Bahá'u'lláh and the Fourth Estate
by Roger Whitepublished in Bahá'í World, Vol. 18 (1979-1983), pages 975-979
Haifa: Bahá’í World Centre, 1986
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IT is little known in the West among students and adherents of the Bahá'í Faith that Bahá`u'lláh addressed Himself to the public press. It is necessary to set aside squeamishness to depict the circumstances which brought about His doing so.
A spring day in Yazd, a Persian city dating from the fifth century, the seat of numerous mosques, an important centre for the production of silk carpets. It was the 19th of May, 1891.
Exhilerated by the violence it had witnessed, the excited mob called for the shedding of more blood of the hated Bahá'ís. Only two victims remained, young brothers in their early twenties.
Already the crowd had been treated to a thrilling spectacle. A young man of twenty-seven, `Alí-Asghar, had been strangled and his body dragged through the streets to the aqccompaniment of drums and trumpets. Then Mullá Mihdí, a man in his eighty-fifth year, had been beheaded and his corpse hauled in simlar manner to another quarter of the city where a considerable throng of onlookers, their frenzy mounting with the music, witnessed the decapitation of `Áqá `Alí, the youthful brother-in-law of the two young men who had thus far escaped harm. From there the people rushed to yet another sector of Yazd where they relished the sight of Mullá `Alíy-i-Sabzivári having his throat slashed. They then fell upon his body, hacking it to pieces with a spade while he was still alive, and pounded his skull to a pulp with stones. At the moment he was seized he had been addressing the tumultuous gathering, exhorting them to recognize the truth of the New Day, fully aware of his imminent martyrdom and glorying in it. Then, in yet another quarter, the townsfolk rejoiced in slaying Muhammad Báqir.
It is reasonable to feel compassion for this rabble. Theirs was a profound and manipulable ignorance easily inflamed by fanatical rhetoric and capable, with encouragement from figures of authority, of finding expression in acts of depravity and barbarism. The calculating would be among them--those with vested interests, fearful of loss of power and office--and ruffians and idle thrill-seekers; but no doubt many of their number were utterly convinced that their actions were meritorious in the sight of God, would win the approval of His Prophet and priests, and secure their position in the all-important afterlife. And so their sincere devotion led them to psrticipate in these murders of supposed enemies of the established order. It is a classic example of what scholars of the phenomenon call `enantiodromea', the principle by which any extreme--even virtue--if pushed to the limit, grotesquely crosses over into its opposite.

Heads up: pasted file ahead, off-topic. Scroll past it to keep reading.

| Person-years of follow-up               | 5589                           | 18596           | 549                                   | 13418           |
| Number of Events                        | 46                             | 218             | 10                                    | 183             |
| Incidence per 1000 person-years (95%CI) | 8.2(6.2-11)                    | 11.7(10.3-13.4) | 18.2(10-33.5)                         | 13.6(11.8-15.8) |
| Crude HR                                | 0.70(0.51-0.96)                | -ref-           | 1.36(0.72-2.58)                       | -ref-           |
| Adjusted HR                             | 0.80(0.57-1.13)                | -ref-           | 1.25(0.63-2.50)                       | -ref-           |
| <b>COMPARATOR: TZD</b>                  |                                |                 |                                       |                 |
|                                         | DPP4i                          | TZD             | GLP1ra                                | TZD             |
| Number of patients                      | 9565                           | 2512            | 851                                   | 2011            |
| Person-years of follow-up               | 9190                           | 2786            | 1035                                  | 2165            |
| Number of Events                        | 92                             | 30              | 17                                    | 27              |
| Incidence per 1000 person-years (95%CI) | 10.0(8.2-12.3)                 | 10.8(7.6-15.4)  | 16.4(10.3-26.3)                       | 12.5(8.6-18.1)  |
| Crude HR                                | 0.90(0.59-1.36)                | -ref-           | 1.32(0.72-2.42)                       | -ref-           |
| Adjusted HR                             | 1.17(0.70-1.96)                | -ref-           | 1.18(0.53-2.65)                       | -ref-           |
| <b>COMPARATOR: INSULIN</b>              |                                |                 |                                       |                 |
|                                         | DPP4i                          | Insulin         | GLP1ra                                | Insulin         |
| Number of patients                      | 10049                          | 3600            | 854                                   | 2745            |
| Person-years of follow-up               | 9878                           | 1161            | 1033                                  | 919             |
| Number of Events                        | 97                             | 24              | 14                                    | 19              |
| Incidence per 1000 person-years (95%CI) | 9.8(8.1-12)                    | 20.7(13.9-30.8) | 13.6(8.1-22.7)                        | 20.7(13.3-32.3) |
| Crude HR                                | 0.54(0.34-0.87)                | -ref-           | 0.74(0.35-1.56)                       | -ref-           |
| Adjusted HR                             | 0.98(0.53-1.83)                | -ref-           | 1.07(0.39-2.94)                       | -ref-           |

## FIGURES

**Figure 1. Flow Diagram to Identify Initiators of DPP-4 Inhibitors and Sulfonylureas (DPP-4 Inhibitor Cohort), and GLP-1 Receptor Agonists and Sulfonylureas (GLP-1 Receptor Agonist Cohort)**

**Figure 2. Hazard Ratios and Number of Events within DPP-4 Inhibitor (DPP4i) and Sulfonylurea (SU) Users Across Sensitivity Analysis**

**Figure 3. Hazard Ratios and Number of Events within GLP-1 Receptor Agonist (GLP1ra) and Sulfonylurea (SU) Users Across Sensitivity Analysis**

Five had died. But two young men remained and these were to receive the full force of the crowd's savage fury. The music grew wilder, drowning the shouts of the swirling mob which propelled the youths brutally to the public square, Maydán-i-Khán, where an especially theatrical fate, matched to the mood of the crowd, awaited them.
The youths, sons of Áqá Husayn-i-Káshání, known as Baktáshí, were silk weavers. They had been raised by affectionate parents and had always lived close to the bosom of their family. Everything about them was conventional for that time and place save that they and their parents had embraced ther Faith of Bahá`u'lláh. It was this circumstance which brought them to that horrific scene on that spring day in Yazd. The young men, with the five other Bahá'ís whose deaths they had just witnessed, had gathered for a meeting when a surprise raid was conducted on the house and all were carried off. It is said that some ill-disposed neighbours had alerted the authorities. Good citizens, these, for the pogrom had been instigated by the mujtahid of the city, Shaykh Hasan-i-Sabzivárí, acting on instructions of the Governor, Jalálu'd-Dawlih, and the slaughter of the victims--sanctioned sport for the Muslim populace--could be averted only by their denial of faith. The seven were, in a caricature of trial, invited to renounce their religion. How can the true believer barter or dissemble? Having spurned the offer, all seven were condemned to death
and surrendered to the executioner and the mob who were eager to aid him in his grisly task.
The elder brother, age twenty-three,bore the same name as his friend who had died earlier that day--`Alí-Asghar. He had recently married and was the father of an infant daughter. The younger, Muhammad Hasan, age twenty-one, has been described by those who knew him as a youth of extreme beauty, delicacy and masculine grace. The official executioner, Afrásíyáb, and the chief constable, Mubárak-Khán, had been urged by the Governor to spare Muhammad Hasan's life, if possible, by persuading the young man to recant. Were he to do so, he would be welcomed at the residence of the Governor and showered with favours.